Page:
Less-than-truckload (LTL) shipping often takes longer than full-truckload shipping because your freight is traveling with items that will be dropped off in several different locations. While you can't help which other locations the truck driver will have to stop at, you can take a few steps that will make it less likely that your freight will be delayed by something you did. Keep track of each LTL freight arrangement company's deliveries (many have general tracking boards on their websites) to find ones that seem to be more efficient, for starters, but also take a look at your packaging and how you decide which opportunity to take.
Package in a Conventional Shape
Whenever possible, package your freight on pallets with shrink wrap or use crates. Try not to ship oddly shaped packages that could render surrounding empty space unusable because shippers may be reluctant to take on your cargo. Anything on a pallet should not hang over the sides (items like that should be in custom crates). The more conventional the shape of the cargo, the easier it will be to pack it into a truck, so the easier it will be to find a space for it.
Grab the First Possible Opening
One mistake you might be making is waiting for space to open up on a truck that is making only stops that are close to your freight's destination. That can add too much waiting time; you're usually better off grabbing the first available slot on a truck. The only time when waiting might make sense is when the delivery radius for all the items on the truck is so wide that the trip could take a lot longer than you'd expected, even when taking LTL shipping's generally longer times into account.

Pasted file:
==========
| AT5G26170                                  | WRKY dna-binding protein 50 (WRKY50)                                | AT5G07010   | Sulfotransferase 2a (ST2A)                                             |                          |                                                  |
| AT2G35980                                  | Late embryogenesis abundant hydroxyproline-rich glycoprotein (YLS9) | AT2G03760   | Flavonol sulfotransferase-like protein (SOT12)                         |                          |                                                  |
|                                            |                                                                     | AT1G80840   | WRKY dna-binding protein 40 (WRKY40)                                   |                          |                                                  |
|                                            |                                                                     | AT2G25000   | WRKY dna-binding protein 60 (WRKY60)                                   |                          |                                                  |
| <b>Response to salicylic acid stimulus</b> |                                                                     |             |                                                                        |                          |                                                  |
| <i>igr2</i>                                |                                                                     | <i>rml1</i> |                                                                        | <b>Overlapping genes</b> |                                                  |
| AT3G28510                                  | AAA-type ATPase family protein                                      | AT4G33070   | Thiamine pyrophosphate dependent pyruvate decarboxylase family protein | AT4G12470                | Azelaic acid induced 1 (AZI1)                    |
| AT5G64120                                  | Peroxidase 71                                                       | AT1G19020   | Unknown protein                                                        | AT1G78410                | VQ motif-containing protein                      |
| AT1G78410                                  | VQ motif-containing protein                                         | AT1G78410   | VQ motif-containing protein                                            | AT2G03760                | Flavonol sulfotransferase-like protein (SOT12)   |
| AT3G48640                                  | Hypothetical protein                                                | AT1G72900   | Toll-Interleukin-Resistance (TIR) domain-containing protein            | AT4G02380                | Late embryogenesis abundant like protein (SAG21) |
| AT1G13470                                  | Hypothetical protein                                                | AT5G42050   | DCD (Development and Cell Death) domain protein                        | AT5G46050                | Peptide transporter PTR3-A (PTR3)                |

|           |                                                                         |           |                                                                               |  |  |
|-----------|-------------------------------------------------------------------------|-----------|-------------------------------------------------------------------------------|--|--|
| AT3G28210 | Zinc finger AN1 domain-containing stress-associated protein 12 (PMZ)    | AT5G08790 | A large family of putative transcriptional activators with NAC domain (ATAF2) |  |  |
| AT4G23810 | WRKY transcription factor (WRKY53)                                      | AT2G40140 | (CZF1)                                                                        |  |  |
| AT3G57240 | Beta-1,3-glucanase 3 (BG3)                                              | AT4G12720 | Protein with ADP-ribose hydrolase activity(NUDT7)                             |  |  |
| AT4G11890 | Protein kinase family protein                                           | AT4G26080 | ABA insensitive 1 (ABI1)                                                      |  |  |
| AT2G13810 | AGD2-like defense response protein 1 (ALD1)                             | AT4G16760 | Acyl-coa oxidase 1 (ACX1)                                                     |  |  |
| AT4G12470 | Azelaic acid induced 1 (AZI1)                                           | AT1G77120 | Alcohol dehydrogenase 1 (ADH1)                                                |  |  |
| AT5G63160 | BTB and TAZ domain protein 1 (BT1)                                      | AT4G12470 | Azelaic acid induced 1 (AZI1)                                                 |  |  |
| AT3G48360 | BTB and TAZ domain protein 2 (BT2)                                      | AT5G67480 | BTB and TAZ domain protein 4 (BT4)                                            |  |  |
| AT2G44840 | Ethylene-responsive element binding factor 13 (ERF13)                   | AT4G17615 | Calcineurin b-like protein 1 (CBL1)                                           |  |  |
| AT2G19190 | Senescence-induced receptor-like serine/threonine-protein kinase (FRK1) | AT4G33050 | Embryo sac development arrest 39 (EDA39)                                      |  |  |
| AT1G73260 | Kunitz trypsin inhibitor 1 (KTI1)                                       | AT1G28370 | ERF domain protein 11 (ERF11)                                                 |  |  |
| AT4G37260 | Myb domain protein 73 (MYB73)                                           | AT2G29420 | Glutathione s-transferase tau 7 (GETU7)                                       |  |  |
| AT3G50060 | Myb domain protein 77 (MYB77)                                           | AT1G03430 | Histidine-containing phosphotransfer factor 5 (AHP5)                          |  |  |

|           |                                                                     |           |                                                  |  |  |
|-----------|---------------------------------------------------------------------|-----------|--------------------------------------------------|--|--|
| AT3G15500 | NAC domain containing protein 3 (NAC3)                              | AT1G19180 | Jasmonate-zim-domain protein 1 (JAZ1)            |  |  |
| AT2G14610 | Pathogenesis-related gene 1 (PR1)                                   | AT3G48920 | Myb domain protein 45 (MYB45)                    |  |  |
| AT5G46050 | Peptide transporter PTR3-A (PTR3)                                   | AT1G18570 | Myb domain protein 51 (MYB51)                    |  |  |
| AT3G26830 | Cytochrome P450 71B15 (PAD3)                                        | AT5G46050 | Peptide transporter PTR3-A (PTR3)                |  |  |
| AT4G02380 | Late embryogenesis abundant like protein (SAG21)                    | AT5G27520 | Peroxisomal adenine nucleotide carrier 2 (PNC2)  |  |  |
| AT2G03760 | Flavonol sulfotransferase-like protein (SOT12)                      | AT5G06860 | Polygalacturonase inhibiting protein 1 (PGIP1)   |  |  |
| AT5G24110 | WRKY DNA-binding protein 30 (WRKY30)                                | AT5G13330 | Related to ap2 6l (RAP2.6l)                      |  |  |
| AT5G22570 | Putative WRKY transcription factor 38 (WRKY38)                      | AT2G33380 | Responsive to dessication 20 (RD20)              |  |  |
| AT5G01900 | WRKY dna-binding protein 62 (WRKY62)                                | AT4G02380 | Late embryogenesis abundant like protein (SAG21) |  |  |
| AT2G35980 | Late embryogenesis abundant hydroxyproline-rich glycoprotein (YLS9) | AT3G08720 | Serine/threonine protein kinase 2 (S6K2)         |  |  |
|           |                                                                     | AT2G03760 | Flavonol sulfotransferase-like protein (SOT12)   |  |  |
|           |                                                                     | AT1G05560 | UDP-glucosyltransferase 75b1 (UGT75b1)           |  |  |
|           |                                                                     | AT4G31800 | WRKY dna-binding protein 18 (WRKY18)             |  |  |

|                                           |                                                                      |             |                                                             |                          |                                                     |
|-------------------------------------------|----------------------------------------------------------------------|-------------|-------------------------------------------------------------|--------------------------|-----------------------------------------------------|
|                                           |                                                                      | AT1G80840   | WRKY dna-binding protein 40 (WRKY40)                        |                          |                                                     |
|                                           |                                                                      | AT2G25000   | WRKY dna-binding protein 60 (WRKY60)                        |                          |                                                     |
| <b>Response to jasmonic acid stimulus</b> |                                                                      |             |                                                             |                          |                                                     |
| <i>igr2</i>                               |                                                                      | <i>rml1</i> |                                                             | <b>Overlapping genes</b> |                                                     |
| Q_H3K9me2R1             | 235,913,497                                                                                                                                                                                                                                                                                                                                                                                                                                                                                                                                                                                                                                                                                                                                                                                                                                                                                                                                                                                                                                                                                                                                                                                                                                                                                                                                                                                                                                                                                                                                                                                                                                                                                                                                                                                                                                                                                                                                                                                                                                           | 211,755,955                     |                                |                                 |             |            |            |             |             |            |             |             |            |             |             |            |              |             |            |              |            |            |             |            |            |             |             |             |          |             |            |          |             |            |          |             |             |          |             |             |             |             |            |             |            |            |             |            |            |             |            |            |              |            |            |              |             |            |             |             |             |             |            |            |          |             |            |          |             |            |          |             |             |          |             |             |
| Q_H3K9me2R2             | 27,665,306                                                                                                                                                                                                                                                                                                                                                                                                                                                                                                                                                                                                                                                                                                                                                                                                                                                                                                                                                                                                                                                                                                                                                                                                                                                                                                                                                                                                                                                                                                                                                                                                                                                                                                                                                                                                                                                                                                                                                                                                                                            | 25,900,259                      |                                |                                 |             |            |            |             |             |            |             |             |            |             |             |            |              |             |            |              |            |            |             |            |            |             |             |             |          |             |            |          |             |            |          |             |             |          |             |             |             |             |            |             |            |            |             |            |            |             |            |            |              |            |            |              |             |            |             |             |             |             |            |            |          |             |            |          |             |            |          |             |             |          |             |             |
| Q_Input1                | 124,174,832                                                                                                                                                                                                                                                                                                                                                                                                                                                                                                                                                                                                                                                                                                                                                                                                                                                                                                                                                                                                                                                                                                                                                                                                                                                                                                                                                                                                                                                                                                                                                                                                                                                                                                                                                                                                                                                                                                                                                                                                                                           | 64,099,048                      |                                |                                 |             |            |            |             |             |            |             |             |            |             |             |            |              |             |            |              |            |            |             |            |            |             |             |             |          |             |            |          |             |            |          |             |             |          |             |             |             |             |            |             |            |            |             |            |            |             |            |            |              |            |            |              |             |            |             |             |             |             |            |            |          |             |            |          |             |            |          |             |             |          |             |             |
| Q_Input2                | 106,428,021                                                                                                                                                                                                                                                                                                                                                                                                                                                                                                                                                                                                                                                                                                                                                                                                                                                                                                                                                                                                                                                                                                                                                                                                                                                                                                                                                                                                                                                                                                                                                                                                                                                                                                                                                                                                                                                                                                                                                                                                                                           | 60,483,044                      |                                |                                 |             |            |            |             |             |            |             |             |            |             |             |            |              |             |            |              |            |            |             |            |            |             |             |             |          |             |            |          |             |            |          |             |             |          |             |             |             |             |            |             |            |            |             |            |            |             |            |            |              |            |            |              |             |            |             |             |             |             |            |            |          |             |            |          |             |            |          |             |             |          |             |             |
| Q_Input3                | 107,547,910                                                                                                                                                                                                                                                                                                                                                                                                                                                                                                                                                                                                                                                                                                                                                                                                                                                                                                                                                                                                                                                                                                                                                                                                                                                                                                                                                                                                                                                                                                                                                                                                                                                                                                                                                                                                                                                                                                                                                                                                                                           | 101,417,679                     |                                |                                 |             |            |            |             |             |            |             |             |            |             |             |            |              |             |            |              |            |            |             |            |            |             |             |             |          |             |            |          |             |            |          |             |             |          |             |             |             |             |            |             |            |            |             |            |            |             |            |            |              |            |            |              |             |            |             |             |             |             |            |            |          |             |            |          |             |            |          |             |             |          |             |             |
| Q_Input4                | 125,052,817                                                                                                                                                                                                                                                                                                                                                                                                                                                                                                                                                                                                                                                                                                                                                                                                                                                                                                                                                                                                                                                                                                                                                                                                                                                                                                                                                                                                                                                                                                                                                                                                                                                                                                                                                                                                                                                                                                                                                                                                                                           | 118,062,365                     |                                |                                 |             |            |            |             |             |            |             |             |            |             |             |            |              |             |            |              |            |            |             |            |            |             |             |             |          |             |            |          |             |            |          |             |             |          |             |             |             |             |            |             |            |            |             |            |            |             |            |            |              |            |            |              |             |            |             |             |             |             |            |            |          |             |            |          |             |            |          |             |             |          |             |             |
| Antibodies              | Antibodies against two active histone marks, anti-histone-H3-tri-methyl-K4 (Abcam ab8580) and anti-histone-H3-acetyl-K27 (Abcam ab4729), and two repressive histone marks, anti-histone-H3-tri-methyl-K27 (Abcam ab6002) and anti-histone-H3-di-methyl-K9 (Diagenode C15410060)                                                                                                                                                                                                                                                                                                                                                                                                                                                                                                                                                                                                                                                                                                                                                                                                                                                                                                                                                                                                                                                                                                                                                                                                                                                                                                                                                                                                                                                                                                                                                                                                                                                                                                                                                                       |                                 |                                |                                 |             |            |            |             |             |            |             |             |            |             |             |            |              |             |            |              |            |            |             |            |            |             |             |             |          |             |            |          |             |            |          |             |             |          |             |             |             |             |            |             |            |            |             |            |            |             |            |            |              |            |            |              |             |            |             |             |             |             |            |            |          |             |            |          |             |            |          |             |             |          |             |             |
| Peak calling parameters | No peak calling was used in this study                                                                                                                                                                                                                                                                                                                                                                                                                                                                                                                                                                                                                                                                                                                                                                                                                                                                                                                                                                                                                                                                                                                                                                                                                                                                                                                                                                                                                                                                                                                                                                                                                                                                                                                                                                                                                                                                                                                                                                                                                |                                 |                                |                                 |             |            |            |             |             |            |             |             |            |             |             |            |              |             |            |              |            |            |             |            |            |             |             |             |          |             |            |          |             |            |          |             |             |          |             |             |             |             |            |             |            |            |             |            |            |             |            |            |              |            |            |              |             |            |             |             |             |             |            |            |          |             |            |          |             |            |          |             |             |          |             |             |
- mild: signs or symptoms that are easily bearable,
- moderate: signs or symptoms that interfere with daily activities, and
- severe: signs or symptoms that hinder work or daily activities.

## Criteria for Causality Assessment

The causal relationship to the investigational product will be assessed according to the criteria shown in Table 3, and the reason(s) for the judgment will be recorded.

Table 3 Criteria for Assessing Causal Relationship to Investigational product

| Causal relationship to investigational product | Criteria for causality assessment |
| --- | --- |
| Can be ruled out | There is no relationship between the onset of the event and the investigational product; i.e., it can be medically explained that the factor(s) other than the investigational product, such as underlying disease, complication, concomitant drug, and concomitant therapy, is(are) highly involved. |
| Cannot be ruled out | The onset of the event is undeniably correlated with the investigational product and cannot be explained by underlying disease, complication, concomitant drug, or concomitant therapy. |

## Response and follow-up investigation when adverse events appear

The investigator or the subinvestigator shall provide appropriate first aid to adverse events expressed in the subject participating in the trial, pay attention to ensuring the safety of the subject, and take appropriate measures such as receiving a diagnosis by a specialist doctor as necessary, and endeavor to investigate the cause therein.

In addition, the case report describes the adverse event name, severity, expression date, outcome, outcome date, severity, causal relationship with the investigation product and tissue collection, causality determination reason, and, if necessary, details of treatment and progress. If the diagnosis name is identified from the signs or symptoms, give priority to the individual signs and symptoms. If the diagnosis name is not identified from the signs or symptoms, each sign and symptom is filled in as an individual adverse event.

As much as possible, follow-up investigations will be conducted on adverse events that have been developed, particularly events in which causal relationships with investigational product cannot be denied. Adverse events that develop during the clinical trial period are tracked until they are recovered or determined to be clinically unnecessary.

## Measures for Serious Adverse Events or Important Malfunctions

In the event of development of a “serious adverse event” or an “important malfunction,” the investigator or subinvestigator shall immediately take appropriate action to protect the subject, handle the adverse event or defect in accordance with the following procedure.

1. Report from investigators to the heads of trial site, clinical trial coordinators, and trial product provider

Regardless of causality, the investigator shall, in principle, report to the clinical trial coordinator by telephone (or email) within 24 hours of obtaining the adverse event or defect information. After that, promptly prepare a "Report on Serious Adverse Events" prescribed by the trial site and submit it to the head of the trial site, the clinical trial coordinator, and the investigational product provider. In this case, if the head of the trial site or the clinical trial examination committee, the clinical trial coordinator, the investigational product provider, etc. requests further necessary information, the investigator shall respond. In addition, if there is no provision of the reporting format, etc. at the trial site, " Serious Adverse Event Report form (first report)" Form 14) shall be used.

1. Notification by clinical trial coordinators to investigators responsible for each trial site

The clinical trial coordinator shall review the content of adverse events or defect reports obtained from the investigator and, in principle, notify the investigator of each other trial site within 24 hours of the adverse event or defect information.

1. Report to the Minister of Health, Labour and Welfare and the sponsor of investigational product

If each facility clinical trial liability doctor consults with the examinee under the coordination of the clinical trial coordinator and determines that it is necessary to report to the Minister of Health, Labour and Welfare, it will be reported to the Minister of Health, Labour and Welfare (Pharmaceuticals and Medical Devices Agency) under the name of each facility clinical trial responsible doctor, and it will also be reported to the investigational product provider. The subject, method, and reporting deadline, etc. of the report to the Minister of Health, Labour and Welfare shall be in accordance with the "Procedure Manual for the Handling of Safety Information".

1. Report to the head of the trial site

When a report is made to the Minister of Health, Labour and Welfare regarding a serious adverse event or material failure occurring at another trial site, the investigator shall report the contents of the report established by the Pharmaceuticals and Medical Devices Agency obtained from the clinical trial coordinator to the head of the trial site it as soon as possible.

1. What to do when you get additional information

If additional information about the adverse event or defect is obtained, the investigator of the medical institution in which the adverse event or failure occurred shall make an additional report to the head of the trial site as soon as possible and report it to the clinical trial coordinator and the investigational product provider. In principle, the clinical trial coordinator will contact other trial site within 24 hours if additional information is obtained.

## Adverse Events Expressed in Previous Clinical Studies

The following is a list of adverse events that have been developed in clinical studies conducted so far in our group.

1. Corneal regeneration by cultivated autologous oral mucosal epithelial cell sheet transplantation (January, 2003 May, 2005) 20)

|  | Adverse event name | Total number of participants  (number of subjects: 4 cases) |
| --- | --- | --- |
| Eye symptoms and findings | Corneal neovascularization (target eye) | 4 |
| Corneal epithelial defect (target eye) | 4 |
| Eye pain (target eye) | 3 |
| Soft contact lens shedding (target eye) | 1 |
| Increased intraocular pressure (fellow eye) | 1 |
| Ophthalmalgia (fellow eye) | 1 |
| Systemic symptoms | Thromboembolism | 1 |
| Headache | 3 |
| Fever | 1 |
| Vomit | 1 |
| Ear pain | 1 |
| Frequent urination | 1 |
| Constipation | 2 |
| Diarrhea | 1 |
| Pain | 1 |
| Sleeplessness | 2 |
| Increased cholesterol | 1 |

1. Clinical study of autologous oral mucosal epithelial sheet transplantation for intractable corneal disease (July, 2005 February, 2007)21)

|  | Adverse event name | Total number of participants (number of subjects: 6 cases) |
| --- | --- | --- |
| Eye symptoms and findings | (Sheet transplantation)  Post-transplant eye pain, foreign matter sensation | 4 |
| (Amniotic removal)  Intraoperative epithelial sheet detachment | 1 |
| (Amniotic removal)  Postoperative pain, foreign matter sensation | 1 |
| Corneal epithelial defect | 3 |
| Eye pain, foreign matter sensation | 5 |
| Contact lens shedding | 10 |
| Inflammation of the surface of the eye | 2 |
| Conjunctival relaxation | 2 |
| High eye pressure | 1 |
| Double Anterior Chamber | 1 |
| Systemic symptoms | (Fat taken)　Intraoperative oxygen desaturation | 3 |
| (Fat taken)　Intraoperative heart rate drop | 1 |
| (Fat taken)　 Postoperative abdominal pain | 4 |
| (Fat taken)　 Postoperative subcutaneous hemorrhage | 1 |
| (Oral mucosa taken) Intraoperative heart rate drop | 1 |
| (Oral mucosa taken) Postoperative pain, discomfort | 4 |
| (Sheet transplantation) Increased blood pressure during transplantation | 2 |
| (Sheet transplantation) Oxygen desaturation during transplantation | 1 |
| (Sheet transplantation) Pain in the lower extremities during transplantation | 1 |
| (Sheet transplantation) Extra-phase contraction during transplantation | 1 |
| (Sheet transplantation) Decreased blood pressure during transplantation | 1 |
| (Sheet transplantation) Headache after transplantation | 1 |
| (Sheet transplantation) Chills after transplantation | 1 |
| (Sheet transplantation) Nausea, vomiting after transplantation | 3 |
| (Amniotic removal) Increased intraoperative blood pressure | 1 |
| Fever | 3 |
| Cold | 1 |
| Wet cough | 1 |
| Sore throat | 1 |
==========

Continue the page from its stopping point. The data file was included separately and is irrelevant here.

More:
Track Your Shipment
If you don't already track your shipments, start doing so. You may need to specifically request the tracking information from the freight company (as opposed to getting it automatically). If the shipment seems to stall somewhere, you can contact the freight company to see what's happening, rather than just sending off the items and hoping they reach their destination.
Sometimes LTL freight shipping goes very quickly, especially if you're lucky enough to be among the first to have your items delivered along the route. There may not be much you can do about road conditions or how others handle their freight that will be in the same truck as yours, but you can make your freight easy to deal with so that truckers are more likely to agree to carry your items. And the less you have to wait for shipping options to open up, the faster your items will arrive at their destination.
To learn more, contact an LTL freight shipping company.